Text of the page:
You just know that Copshop is going to be something special the moment Frank Grillo appears on the screen. No, it’s not his presence alone — he’s always a welcome performer, but with eight films released this year we’re not exactly starving for Grillo content — but instead, it’s his hair. For the first time in what feels like years he’s traded in his short sides and meticulously tousled top for a man bun, and it fits his character perfectly. Even better? He’s just one of many pieces in Joe Carnahan‘s wildly entertaining action/comedy that’ll have you smiling, satisfied, and itching for more.
Teddy Murretto (Grillo) is a man on the run, and with threats closing in he makes the only move open to him in the middle of rural Nevada — he punches a cop to land a safe respite behind bars. Officer Young (Alexis Louder) is the cop in question, and her night is about to get even worse. Bob Viddick (Gerard Butler) is hauled in for drunk driving, but it’s merely a ruse to get close to Teddy, and while the pair begin by trading insults and threats between the bars it escalates into a bloody free-for-all when a third man arrives. Tony Lamb (Toby Huss) is a professional killer with an array of deadly skills and sense of humor to match, and now, my friends, it is a party.
Carnahan’s best films remain his two stabs at more serious fare (Narc, 2002; The Grey, 2011), but his heart seems to belong to big action and ridiculous laughs. From his 1998 debut (Blood, Guts, Bullets, and Octane) through the likes of Smokin’ Aces (2006), The A-Team (2010), and Boss Level (2021), his genre tastes are clear, but while each of those films have their charms the parts have typically outshined the whole. Copshop then marks the first of these efforts to nail each beat to deliver an absolute blast from start to finish.
Minor scrapes aside, the film’s first half is mostly focused on character, setup, and entertaining build-up as Teddy and Bob banter while Young gets irritated by the assholes and idiots in her vicinity. The dynamic comes clear but the script (by Carnahan and Kurt McLeod) leaves room for additional wrinkles in the form of dirty cops and later reveals. The bulk of the beats feel familiar enough, starting with its riff on John Carpenter’s Assault on Precinct 13 (1976), but Carnahan and his cast do great work making this entirely their own.
Grillo and Butler are both fantastic and dig heartily into their polar opposite tough guys. The tension between the two manages to be both thrilling and very funny — you know one of them won’t be walking away at the end, but the ride to that outcome helps make Copshop a good time. Huss, meanwhile, has the difficult task of crafting a bigger than life killer, the kind of smartass murderer who only exists in movies, and the type that too often grows obnoxious and tiresome. He falls into neither trap and instead finds big laughs even he makes his cruelty clear. “You’re in the cop business,” he says to Young at one point, “so that makes you a murderer. But I’m in the murder business, so that just makes me a laborer.” You know he’s villain because he insults Ed Zwick’s The Last Samurai (2003), but you can’t help but love the bastard anyway.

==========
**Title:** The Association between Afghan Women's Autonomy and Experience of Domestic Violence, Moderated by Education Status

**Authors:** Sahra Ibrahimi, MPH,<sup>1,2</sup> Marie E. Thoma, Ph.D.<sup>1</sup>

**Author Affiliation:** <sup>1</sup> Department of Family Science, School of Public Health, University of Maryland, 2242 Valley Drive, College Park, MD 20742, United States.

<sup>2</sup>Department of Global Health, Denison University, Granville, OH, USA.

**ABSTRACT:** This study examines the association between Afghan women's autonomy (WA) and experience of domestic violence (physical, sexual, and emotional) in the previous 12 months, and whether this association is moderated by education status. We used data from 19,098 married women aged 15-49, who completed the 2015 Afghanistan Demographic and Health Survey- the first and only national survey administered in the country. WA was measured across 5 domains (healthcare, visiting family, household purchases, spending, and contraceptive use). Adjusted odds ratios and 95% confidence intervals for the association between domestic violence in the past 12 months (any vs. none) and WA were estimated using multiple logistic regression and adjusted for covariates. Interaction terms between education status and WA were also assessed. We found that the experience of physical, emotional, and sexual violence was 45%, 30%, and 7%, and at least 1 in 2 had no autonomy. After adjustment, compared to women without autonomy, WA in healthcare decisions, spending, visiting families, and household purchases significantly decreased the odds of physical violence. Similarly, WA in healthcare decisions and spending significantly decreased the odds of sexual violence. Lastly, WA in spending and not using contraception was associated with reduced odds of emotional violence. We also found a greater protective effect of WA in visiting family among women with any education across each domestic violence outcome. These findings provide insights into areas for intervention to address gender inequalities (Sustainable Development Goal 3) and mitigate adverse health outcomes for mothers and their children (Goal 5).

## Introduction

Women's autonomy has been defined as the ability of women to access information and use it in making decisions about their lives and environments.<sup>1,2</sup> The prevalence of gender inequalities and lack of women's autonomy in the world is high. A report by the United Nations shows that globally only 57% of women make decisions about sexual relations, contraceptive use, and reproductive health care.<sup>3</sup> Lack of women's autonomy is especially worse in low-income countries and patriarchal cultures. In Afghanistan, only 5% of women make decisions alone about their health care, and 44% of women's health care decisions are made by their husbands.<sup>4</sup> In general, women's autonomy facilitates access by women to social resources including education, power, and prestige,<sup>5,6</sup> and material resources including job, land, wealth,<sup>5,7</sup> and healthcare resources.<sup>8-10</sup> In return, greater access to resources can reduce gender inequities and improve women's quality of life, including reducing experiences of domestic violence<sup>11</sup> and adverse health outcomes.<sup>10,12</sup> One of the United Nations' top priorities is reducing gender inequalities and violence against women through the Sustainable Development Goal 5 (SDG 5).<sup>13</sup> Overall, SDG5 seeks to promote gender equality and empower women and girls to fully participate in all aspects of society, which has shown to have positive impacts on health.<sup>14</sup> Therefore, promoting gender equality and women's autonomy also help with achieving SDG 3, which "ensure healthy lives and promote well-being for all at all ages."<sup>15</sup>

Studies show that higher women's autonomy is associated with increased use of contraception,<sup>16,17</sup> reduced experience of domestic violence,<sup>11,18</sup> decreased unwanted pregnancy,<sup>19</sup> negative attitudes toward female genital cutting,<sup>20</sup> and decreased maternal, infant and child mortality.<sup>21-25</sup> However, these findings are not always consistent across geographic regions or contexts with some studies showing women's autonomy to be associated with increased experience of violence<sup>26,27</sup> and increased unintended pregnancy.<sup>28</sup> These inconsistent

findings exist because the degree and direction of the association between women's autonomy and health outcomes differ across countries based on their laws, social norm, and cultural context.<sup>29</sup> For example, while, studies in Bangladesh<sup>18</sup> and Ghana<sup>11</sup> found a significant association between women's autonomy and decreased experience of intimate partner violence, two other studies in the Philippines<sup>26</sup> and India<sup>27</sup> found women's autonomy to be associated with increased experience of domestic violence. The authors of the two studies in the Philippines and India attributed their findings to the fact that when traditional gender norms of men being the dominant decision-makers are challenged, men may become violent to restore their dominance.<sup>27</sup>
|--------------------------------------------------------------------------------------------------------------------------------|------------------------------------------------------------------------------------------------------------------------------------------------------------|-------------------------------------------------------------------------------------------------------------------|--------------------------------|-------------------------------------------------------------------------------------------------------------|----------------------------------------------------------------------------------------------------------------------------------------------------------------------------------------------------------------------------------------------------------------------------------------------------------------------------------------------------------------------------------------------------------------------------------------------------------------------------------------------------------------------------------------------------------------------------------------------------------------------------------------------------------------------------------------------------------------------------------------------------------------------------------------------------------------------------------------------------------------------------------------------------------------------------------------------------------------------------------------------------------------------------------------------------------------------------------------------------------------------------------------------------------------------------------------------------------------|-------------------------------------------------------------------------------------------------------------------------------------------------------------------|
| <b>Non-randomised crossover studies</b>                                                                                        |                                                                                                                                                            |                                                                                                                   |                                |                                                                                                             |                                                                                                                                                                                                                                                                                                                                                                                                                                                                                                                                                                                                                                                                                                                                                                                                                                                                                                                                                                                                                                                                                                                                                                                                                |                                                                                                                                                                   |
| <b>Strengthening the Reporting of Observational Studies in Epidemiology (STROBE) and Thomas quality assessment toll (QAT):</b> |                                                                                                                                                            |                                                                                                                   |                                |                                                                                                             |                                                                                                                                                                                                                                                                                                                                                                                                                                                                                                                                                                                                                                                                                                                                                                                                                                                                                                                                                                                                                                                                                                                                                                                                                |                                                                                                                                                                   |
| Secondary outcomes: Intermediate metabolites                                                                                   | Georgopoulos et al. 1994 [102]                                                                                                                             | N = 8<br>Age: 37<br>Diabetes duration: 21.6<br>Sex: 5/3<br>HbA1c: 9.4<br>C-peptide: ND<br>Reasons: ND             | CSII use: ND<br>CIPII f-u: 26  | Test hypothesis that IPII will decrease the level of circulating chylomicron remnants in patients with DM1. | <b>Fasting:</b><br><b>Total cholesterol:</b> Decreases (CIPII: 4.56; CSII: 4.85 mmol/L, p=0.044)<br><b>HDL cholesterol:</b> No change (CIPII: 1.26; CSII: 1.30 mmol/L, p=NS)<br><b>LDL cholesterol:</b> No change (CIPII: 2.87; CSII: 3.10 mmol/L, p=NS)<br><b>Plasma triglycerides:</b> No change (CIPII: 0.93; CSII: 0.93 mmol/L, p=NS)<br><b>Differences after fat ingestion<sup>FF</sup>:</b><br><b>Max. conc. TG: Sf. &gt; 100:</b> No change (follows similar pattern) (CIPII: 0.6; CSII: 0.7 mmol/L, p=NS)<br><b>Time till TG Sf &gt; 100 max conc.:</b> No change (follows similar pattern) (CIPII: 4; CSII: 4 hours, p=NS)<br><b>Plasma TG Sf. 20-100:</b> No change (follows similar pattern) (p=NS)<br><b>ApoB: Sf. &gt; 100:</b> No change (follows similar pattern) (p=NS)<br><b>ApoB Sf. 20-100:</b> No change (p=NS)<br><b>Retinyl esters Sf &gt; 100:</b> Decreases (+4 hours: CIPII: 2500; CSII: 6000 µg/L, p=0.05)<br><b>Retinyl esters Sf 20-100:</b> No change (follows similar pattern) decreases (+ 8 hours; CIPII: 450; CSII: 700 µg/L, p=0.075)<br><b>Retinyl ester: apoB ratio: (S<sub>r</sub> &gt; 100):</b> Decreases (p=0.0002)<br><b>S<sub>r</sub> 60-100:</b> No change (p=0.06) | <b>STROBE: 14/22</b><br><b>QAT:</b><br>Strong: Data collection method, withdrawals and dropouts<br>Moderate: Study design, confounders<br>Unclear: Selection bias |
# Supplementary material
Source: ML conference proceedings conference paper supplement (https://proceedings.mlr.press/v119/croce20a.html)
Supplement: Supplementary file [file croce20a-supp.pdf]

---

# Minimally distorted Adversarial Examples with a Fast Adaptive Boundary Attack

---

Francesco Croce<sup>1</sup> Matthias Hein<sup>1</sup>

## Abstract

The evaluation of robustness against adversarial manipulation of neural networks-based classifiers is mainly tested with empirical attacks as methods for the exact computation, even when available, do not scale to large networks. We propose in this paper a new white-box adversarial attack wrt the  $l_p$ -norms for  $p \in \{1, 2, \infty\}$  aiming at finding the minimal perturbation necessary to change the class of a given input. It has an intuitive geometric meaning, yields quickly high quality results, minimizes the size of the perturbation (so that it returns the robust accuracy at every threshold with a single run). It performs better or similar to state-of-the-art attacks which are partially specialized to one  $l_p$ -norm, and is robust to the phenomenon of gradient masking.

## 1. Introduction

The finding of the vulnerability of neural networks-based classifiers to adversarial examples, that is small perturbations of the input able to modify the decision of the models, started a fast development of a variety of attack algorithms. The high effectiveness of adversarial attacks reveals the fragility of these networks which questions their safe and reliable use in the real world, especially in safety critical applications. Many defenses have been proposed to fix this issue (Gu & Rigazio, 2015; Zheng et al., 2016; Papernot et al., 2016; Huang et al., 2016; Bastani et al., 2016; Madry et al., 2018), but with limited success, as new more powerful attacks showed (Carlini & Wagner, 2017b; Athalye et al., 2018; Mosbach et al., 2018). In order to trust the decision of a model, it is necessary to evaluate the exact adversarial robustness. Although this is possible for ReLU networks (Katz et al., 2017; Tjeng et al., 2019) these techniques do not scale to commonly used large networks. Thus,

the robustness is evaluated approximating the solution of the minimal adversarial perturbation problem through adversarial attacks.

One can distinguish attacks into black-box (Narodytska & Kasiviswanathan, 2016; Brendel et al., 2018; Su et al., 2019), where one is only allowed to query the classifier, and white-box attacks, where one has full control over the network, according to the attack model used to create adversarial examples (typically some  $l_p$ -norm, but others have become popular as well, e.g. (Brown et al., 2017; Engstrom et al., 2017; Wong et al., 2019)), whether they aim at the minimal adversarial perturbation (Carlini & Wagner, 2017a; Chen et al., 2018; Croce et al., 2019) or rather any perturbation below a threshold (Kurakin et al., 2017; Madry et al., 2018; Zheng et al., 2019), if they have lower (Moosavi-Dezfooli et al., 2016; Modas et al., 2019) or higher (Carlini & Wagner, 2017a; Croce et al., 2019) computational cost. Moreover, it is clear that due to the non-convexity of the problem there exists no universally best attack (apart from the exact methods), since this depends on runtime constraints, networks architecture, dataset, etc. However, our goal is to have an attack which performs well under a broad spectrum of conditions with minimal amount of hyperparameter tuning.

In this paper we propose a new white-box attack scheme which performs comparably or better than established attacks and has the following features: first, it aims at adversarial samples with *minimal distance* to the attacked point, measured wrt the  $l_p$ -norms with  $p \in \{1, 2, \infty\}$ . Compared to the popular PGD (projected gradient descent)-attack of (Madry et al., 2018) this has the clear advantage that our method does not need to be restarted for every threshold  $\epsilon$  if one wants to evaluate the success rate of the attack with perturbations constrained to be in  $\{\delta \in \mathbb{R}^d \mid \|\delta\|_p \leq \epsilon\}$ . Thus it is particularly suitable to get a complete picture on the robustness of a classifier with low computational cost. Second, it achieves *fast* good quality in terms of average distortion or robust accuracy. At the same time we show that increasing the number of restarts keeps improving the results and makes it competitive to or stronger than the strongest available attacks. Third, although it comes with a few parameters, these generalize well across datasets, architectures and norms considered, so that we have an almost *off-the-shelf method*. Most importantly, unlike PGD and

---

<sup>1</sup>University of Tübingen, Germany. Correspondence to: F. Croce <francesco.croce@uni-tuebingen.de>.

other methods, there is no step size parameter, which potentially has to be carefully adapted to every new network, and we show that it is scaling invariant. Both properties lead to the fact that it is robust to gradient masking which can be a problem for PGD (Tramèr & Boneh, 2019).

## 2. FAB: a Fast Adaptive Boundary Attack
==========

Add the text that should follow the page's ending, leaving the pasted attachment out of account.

Heavy-hitting scene stealers surround her, but Louder’s Officer Young still manages to be Copshop‘s standout. She’s a good cop in a sea of filth and incompetence — the latter offers a minor misstep in the form of some very stupid police officers, but Huss calls them on it in grand fashion — but she’s no angel. There’s enough to her character and performance that you’ll be hoping Carnahan and friends find some way to continue the story. The film leaves an open door of sorts as to where things could go, but any path featuring Louder’s more than capable and pissed off cop is a path worth taking.
Character pieces in place, the film explodes into action in its back half as elements come together, personalities and loyalties clash, and Huss’ balloon-carrying killer arrives on the scene. Carnahan and cinematographer Juan Miguel Azpiroz take full advantage of the police station’s geography and capture the unfolding carnage with a clear eye for action. The third act becomes one big shootout with shifting rooms and different fingers on the triggers, and it’s rarely less than thrilling. Composer Clinton Shorter elevates the good times further with a score that keeps pace, sets the tone, and jiggles the eardrums.
Copshop is a blast, full stop. While irrelevant to this review, it’s worth noting that both Carnahan and Grillo are reportedly (and very visibly) unhappy with the film as it exists — it’s apparently not their preferred cut — and that’s unfortunate… especially as it’s one of the best/most entertaining films that either have made in years. Hopefully they get their version into the world at a later date, but for now don’t sleep on the one that’s been released.